I told Jan about another web-related owner I met only two weeks ago. Carlo lives on the Gold Coast and has a sizable business of 21 staff, he is not Australian born, but has lived here for more than 15 years and certainly sounds Australian. The business produces websites as a side product to their core business of search engine optimisation (SEO).

Carlo’s primary role in his business is to interface with his clients. He meets them in their office, talks to them about SEO and digital marketing, and earns their trust. He tells them about the amazing team of 20 other staff that he directs to produce great results for clients. He signs the client up for some SEO and perhaps a new website.

Once he has left the meeting, he briefs his team and they get to work. The design and delivery of the solutions are done entirely from the Philippines. Carlo doesn’t ‘outsource’ anything – he prefers to have full control over each process within the business, so he selects and hires the staff that he wants, and works with them directly. He has managers offshore too, who manage smaller groups of staff within the team. A couple of key staff are tasked with project/client management and talk to and email the client on a regular basis. Carlo will also call the client every quarter to make sure they are happy, adjust services if they are not, and to look for other opportunities.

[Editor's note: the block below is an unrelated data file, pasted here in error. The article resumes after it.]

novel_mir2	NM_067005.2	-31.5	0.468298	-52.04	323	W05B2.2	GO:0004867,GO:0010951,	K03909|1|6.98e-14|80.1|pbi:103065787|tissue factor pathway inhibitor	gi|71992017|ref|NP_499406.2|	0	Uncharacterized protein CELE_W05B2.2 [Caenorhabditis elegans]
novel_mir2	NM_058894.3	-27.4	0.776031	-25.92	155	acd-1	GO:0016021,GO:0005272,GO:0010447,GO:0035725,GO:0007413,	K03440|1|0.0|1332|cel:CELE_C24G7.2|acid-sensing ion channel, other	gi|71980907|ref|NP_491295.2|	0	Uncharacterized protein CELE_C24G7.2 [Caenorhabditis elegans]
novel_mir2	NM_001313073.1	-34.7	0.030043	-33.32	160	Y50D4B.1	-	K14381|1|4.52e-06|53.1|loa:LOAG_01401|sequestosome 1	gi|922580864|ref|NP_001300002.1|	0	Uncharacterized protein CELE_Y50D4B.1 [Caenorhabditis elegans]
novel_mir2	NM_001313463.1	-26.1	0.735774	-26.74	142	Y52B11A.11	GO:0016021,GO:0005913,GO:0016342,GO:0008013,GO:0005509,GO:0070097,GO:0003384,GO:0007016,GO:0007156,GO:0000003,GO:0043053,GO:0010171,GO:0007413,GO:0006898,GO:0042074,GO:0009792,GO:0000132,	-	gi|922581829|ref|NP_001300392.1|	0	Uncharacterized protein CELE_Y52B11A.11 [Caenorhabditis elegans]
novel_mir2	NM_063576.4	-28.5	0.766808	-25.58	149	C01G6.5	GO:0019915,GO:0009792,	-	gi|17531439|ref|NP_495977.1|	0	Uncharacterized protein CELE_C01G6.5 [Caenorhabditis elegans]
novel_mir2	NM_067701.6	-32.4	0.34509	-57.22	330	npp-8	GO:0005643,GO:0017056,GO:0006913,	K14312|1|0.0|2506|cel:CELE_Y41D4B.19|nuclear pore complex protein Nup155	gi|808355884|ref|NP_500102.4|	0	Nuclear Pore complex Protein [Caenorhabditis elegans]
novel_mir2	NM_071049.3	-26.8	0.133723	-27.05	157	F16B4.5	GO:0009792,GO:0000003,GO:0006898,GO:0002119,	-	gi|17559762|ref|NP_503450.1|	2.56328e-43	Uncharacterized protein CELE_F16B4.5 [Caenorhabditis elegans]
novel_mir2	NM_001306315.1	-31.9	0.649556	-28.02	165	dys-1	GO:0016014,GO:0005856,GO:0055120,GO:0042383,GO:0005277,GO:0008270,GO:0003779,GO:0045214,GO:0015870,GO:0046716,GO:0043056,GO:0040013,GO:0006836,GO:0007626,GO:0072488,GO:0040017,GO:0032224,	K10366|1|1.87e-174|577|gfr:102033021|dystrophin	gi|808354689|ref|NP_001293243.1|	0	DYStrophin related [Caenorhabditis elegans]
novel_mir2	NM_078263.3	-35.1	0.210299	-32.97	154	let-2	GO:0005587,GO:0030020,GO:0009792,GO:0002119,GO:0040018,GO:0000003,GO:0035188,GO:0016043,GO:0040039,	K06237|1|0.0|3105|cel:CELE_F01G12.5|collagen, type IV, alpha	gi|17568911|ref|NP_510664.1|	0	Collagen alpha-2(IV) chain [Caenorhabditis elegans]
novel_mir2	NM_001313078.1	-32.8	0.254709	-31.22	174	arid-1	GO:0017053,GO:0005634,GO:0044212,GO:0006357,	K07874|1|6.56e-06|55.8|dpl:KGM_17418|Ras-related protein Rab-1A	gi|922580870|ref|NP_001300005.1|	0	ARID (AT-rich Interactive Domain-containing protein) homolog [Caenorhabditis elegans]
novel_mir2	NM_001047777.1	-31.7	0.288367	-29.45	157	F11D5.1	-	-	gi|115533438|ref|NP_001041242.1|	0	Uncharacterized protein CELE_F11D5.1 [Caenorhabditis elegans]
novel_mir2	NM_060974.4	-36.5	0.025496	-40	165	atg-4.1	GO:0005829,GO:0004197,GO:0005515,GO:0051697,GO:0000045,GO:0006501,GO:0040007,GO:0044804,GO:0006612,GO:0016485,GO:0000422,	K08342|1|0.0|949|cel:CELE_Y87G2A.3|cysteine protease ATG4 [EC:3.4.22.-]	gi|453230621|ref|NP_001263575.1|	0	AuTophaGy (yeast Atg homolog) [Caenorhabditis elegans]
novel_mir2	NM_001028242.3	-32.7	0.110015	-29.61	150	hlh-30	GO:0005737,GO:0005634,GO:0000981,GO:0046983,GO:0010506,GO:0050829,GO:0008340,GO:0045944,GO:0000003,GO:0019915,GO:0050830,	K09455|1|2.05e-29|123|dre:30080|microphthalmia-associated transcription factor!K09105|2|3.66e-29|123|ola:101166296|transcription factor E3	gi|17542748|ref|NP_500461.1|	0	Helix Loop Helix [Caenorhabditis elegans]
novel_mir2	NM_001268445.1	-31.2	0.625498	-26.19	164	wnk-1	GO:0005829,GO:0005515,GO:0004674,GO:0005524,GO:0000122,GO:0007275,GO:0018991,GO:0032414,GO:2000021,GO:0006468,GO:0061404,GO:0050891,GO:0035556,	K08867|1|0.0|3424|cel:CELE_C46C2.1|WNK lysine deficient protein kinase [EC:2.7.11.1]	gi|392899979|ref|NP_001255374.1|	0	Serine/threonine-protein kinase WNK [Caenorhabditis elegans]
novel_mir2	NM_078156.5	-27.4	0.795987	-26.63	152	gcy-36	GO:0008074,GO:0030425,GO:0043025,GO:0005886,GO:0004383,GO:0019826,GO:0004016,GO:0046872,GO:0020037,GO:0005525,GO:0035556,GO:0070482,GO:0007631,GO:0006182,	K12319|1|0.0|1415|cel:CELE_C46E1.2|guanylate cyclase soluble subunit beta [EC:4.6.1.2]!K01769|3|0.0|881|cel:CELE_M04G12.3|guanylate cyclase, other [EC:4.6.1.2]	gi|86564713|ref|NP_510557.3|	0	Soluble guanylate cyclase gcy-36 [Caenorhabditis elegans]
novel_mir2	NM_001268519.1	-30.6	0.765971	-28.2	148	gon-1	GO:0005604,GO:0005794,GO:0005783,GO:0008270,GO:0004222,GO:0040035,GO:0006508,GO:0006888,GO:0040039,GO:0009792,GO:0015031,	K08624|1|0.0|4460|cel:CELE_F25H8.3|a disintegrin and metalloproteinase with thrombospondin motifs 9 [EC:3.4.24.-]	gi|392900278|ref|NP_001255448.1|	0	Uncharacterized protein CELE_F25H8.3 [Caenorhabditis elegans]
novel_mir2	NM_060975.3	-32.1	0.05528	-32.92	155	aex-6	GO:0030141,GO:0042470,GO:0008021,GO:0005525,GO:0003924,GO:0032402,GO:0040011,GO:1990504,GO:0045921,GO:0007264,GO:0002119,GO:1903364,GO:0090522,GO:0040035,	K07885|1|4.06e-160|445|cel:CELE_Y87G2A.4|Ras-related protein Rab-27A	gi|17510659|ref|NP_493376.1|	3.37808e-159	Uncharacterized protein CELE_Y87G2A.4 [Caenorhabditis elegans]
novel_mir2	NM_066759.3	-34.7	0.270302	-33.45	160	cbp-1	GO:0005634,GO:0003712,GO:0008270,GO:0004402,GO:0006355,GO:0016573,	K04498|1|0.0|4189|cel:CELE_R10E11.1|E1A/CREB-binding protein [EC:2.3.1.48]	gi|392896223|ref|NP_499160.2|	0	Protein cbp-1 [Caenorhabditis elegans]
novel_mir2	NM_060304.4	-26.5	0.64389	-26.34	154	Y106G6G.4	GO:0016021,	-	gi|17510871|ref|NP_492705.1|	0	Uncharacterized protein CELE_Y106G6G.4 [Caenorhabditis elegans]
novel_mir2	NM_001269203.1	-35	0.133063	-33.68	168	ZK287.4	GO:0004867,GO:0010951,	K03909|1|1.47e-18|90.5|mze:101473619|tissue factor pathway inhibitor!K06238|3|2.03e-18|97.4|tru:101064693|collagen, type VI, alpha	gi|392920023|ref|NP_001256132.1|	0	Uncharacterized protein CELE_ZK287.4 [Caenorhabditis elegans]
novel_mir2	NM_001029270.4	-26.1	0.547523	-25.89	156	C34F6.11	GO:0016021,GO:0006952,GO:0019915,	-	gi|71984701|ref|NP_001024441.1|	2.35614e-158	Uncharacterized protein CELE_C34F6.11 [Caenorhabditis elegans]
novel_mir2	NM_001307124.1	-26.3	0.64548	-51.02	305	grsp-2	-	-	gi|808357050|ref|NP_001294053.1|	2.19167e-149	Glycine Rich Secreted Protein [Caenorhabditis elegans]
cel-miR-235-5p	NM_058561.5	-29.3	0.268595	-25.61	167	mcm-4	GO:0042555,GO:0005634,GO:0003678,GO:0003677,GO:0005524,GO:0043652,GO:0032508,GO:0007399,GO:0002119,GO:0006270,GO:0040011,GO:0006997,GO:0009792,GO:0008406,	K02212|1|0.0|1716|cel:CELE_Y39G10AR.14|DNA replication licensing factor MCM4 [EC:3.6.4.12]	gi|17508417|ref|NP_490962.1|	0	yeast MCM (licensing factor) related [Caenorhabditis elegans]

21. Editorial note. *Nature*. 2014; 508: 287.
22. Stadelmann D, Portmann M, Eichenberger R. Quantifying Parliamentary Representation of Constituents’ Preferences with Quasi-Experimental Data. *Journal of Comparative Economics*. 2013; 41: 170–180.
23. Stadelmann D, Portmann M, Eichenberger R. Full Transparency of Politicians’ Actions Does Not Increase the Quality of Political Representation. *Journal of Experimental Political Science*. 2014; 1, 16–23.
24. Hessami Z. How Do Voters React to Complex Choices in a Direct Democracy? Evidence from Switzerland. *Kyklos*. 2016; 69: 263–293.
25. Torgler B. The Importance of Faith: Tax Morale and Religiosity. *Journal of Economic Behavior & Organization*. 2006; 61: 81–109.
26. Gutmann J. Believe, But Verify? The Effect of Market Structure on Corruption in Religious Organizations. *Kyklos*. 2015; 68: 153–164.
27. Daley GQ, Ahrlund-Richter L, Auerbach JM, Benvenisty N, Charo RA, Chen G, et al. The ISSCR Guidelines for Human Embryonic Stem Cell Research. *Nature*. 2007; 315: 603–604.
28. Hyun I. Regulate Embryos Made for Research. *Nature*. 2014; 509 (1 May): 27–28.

This business model is one that I wrote about in my book The Third Wave – Micro Globalism. It retains only the front line roles in Australia that are necessary to make the customer feel like buying, and to manage the client relationship.

Right now Carlo is just maximising his profit, and earning a lot more per job than Jan is – he isn’t interested in starting a price war. But when the price war does start, he is in a VERY strong position and he is well aware of that. 

I told this story to Jan and also mentioned that she needs to have a strategy to deal with this. If it is important to her to have a 100% Australian model, then in the near future she is going to need to find customers that actually care about this and are willing to pay between 30% and 300% more money for the privilege of buying Australian. Bear in mind the difficulties of the promotions too, when Carlo could also correctly say his business is 100% Australian owned, even though he employs no Australians.

If a competitor started approaching all your clients offering them an equivalent product, for one fifth of the price, how confident are you that your clients would prefer to stay with you because your business is 100% Australian? 

Ignorance around offshoring is a huge risk for businesses right now. Without exception, you already have competitors that are doing some part of the business offshore. When I ask for a show of hands in a room of 50 small business owners, around 30% are actively exploring offshore. Interestingly, the figure is only around 15% in a room full of medium to large businesses turning over more than $10 million.

Whether you set up a team offshore or not, it is clear that you need to understand how the business world is changing, and make this choice actively, from a position of knowledge, rather than as a throw-away line from a position of ignorance.

Scott Linden Jones has built several businesses in the IT industry since 2002. He is the founding advisor at Easy Offshore (www.easyoffshore.com.au), providing offshore educational and implementation services to Australian businesses.